Stephen Colbert is a parody of a right-wing talk show host. (Actually, he's more than just a parody; I think he's a complex mix of parody, sincerity, and humor for humor's sake.) Regardless of how serious the "actor" Stephen Colbert is, the "character" Stephen Colbert does a not-too-shabby job refuting Bart Ehrman, author of Jesus, Interrupted: Revealing the Hidden Contradictions in the Bible (And Why We Don't Know About Them).
|The Colbert Report||Mon - Thurs 11:30pm / 10:30c|
Hat tip to Catholic Answers Forums.
I have not read any of Ehrman's books and am unfamiliar with his arguments, but even in this short he shows apparent ignorance that makes me think his ideas are not much of a threat to the Christian faith. When, in Mark's Gospel, Jesus cries out, "My God, my God, why have you forsaken me?" he is not expressing simple despair, as Ehrman believes. He is quoting Psalm 22. The Jews, including Jesus and all the other Jewish witnesses, would know the whole psalm, which is a prophecy of the crucifixion. Consider verses 20-25:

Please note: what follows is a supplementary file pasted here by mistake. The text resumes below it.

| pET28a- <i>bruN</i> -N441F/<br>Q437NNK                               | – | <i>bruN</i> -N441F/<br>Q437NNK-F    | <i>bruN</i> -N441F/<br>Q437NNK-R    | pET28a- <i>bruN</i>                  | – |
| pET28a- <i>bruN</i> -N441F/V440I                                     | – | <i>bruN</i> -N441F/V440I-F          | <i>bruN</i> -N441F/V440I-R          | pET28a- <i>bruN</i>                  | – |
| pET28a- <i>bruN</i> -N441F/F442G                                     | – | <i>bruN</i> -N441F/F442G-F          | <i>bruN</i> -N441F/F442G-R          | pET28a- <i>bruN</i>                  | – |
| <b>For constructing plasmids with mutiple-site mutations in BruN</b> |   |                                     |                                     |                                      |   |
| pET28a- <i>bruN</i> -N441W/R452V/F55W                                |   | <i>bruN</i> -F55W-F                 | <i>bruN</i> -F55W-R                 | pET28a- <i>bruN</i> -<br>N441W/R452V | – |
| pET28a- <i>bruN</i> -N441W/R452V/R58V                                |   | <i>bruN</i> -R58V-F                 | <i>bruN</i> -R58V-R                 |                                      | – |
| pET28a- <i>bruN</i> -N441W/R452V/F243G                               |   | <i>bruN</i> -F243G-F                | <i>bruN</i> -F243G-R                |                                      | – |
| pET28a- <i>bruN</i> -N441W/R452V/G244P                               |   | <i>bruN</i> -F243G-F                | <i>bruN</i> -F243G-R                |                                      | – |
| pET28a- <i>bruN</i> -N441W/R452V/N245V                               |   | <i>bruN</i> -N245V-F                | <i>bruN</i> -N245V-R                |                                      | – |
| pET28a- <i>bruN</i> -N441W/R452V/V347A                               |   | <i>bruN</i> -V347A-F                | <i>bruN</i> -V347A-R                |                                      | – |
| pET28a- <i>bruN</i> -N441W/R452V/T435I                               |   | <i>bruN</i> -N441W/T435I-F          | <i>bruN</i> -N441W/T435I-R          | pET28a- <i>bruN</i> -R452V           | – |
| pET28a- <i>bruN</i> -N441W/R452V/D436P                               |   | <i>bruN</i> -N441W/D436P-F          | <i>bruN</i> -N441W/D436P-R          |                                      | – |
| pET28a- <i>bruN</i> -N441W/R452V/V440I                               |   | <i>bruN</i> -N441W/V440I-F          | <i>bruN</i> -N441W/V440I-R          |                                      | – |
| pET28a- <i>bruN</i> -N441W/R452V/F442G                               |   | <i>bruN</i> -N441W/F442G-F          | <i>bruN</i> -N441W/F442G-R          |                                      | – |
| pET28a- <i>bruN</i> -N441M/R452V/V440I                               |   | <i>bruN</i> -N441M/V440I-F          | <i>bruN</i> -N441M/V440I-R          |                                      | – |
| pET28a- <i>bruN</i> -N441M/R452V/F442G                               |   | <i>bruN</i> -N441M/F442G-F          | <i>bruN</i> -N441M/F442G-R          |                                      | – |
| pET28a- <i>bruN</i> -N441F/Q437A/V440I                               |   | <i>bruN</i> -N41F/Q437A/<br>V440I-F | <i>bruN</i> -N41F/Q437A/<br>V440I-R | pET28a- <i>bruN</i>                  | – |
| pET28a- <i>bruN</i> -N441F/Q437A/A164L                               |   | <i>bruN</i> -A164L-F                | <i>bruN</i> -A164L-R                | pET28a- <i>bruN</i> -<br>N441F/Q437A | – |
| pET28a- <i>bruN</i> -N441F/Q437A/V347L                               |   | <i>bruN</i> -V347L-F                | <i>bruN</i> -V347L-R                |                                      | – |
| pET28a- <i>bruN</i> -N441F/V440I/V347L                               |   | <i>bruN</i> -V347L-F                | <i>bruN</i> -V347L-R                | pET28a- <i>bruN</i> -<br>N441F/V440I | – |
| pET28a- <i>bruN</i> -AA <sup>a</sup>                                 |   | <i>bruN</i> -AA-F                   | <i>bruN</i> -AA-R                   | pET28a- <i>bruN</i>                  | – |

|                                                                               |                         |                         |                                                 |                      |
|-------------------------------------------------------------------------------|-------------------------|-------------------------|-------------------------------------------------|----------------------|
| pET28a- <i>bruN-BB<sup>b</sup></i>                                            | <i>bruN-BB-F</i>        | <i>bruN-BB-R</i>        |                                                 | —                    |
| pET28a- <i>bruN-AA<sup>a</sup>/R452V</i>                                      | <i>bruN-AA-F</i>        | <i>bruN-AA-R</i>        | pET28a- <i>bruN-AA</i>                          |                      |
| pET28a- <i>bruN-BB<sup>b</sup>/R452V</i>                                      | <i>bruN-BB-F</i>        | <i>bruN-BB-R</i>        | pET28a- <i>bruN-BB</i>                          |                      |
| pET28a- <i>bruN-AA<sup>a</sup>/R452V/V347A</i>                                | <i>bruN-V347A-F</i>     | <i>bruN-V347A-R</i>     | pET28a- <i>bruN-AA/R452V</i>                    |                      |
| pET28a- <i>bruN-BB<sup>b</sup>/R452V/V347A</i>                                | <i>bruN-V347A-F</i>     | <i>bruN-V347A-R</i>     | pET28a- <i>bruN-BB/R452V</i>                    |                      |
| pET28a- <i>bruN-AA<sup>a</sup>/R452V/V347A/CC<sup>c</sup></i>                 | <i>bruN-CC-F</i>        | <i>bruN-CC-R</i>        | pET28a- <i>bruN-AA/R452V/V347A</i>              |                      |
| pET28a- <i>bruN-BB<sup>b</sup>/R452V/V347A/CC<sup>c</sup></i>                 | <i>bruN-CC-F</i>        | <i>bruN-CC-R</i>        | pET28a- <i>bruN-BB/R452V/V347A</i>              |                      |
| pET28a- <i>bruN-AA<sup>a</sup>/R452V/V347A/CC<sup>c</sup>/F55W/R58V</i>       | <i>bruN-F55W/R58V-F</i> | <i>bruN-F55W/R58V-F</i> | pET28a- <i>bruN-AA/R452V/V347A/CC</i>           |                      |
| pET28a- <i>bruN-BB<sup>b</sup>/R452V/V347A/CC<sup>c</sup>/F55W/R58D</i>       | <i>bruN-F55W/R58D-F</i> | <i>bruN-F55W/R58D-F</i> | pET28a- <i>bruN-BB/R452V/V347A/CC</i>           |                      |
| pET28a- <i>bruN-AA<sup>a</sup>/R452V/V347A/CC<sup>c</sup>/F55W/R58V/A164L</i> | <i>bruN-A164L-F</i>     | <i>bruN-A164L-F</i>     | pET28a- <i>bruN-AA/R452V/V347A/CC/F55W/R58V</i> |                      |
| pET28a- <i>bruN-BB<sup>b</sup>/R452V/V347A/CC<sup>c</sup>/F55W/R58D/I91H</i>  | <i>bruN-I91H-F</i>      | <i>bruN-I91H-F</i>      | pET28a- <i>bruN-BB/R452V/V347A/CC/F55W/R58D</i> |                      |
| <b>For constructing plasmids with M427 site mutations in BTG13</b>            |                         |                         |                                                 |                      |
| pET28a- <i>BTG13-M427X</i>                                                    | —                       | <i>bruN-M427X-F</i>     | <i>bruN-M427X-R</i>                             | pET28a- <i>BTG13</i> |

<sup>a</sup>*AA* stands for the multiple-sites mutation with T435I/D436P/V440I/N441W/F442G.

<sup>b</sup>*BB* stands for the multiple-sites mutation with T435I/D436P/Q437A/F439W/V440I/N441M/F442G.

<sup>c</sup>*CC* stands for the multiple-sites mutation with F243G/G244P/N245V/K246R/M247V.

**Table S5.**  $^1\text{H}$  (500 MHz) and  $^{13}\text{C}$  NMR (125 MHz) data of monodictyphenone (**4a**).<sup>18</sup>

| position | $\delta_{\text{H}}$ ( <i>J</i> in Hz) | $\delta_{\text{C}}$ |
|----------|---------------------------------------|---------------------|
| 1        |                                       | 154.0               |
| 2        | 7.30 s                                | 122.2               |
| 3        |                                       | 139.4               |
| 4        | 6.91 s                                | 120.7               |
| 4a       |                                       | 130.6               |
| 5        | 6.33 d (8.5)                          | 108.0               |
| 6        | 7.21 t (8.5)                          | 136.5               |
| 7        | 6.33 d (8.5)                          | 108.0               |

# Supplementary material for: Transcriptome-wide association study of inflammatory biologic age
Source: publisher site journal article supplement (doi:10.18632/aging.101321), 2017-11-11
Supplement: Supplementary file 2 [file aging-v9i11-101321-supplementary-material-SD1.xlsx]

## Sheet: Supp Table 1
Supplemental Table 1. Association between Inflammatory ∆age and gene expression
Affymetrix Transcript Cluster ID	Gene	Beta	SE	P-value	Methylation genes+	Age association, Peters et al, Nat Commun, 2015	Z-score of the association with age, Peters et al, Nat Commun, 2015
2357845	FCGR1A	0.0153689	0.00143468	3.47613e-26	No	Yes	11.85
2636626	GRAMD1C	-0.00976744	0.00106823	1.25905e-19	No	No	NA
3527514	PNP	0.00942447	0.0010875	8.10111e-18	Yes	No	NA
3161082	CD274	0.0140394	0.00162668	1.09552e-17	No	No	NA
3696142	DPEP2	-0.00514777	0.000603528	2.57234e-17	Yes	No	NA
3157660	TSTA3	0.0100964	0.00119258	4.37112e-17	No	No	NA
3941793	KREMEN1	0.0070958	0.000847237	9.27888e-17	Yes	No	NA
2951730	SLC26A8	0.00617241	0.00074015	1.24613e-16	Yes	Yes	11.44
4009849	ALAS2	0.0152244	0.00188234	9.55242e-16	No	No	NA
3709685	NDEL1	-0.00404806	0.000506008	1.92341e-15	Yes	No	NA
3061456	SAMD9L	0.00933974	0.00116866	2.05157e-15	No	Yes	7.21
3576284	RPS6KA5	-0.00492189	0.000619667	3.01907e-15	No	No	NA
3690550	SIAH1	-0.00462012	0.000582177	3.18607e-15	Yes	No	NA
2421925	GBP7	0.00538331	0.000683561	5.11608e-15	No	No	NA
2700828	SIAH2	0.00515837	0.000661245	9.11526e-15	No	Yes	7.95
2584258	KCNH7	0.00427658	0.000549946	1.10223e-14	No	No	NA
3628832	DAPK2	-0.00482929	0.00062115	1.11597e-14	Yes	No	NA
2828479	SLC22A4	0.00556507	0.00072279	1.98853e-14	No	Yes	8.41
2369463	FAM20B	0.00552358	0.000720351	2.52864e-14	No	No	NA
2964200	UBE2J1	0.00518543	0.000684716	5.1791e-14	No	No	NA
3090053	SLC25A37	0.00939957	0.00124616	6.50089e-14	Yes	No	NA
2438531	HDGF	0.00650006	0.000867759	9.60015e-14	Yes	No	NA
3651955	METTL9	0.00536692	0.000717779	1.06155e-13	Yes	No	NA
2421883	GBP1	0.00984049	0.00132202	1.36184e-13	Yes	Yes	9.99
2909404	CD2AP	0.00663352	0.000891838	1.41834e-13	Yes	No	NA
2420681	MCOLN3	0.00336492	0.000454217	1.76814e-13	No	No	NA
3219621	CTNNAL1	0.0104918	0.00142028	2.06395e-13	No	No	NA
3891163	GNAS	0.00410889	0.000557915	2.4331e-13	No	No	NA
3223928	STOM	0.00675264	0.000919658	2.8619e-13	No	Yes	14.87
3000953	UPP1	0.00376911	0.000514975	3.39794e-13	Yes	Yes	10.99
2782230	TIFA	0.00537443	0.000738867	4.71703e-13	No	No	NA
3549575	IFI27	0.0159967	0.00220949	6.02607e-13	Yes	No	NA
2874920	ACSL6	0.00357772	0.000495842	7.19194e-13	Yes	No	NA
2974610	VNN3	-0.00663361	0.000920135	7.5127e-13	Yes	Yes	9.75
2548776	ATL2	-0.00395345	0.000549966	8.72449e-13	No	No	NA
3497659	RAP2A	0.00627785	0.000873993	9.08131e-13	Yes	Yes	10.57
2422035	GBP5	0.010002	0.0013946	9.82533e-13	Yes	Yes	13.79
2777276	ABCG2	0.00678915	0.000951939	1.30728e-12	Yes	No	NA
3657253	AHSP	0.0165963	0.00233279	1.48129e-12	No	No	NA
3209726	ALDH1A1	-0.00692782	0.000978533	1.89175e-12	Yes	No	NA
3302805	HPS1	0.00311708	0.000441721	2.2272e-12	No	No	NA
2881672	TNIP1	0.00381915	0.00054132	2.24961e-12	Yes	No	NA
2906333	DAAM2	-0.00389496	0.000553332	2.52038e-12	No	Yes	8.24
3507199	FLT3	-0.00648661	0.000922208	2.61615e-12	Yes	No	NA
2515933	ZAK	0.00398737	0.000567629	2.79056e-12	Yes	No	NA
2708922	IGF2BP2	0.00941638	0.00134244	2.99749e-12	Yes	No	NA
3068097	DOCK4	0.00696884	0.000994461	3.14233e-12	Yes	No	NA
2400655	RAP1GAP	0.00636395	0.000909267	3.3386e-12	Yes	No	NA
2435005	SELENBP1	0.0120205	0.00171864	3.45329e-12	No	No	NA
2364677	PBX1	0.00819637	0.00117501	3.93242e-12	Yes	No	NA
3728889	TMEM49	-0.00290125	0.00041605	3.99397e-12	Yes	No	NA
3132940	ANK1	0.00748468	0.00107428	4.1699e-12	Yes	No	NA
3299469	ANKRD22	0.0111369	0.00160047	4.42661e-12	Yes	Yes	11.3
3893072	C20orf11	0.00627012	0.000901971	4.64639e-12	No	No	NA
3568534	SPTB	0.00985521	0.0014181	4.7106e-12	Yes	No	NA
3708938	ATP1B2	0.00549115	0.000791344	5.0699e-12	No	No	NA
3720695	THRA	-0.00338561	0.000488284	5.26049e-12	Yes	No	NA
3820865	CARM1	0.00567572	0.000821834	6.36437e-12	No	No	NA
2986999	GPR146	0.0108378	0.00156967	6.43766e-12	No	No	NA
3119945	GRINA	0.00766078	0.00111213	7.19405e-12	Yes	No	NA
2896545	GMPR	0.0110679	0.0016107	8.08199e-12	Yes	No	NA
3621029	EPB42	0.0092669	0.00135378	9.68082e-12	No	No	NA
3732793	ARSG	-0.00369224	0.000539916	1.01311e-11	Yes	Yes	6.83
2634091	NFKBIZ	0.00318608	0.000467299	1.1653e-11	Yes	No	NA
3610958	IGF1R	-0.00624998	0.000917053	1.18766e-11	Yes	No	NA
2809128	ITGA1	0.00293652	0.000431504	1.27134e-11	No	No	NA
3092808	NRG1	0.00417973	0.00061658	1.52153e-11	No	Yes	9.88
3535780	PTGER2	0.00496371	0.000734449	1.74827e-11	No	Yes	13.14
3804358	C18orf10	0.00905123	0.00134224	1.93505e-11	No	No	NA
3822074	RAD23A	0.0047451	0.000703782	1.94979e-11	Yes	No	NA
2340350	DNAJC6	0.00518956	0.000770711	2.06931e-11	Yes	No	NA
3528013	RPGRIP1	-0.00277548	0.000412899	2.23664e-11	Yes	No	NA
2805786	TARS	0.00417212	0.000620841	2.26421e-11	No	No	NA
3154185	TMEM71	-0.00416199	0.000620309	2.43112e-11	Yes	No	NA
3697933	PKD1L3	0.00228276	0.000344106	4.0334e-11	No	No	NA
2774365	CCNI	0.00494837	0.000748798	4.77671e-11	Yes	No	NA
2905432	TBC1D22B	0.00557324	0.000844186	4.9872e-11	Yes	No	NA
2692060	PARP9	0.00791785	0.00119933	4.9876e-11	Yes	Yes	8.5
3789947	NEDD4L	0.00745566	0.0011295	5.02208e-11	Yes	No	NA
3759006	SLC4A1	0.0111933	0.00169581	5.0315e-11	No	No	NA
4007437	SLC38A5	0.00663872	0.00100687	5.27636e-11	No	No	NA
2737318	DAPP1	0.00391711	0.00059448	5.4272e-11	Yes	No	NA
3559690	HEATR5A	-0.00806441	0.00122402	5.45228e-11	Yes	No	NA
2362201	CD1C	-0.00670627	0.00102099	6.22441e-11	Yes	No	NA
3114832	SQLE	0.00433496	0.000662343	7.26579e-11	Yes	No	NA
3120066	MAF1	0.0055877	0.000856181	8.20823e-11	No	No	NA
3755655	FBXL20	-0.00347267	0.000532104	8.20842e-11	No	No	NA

But you, LORD, do not stay far off;
my strength, come quickly to help me.
Deliver me from the sword,
my forlorn life from the teeth of the dog.
Save me from the lion's mouth,
my poor life from the horns of wild bulls.
Then I will proclaim your name to the assembly;
in the community I will praise you:
"You who fear the LORD, give praise! All descendants of Jacob, give honor;
show reverence, all descendants of Israel!
For God has not spurned or disdained the misery of this poor wretch,
Did not turn away from me,
but heard me when I cried out.
Considering the entirety of this prophetic song, Mark's version of Jesus does not seem so different from Luke's stalwart version of Jesus, after all.